Institute of Medicine. To Err is Human: Building a Safer Health System. Washington, DC: National Academy Press 1999.
Institute of Medicine. Crossing the Quality Chasm: A New Health System for the 21st Century. Washington, DC: National Academy Press 2001.
Rundle RL. "Medicare Puts Data Comparing Hospitals Onto Public Web Site." Wall Street Journal, April 1, 2005.
Chassin MR, "Achieving and Sustaining Improved Quality: Lessons from New York State and Cardiac Surgery," Health Affairs 21(4):40-51.
Hannan EL, et al., "Improving Outcomes of Coronary Artery Bypass Surgery in New York State," Journal of the American Medical Association 271(10):761-766.
Hibbard JH, Stockard J, and Tuslter M. "Does Publicizing Hospital Performance Stimulate Quality Improvement Efforts?" Health Affairs 22(2):84-94.
Longo DR, et al., "Consumer Reports in Health Care: Do they Make a Difference in Patient Care?" Journal of the American Medical Association 278(19):1579-1584.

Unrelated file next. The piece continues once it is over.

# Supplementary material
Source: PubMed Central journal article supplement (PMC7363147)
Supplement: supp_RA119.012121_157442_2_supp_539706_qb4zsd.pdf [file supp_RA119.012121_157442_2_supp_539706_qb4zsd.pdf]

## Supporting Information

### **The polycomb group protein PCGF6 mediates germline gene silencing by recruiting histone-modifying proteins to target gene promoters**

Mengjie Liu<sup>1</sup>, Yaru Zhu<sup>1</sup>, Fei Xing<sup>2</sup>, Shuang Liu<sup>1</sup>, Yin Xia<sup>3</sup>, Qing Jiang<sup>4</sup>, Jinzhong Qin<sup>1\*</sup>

Marshall MN, et al., "Public Reporting on Quality in the United States and the United Kingdom," Health Affairs 22(3)134-148.
Peterson ED, et al., "The Effects of New York's Bypass Surgery Provider Profiling on Access to Care and Patient Outcomes in the Elderly," Journal of the American College of Cardiology 32(4):993-999.
White House - Fact Sheet: Expanding Access to Health Care for Millions of Americans. Accessed (22 April 2005): www.whitehouse.gov/news/releases/2004/05/20040525-5.html
Bridges to Excellence - Fact Sheet
Centers for Medicare and Medicaid Services. "Progress in Nursing Home Quality," December 2004.
HealthGrades: Quality Reports - Frequently Asked Questions.
The Leapfrog Group Fact Sheet
National Committee on Quality Assurance - NCQA Fact Sheet.
New Jersey Department of Health and Senior Services, "Guide to New Jersey Hospitals" Accessed (15 April, 2005): http://web.doh.state.nj.us/hpr/
New York State Department of Health, "Heart Disease," Accessed (14 April, 2005): www.health.state.ny.us/nysdoh/heart/heart_disease.htm
Pennsylvania Health Care Cost Containment Council, "Interactive Hospital Performance Report," Accessed (15 April, 2005): www.phc4submit.org/hpr/
Jonathan Wittenberg, The Commonwealth Fund; Reviewed by Anne-Marie Audet, M.D.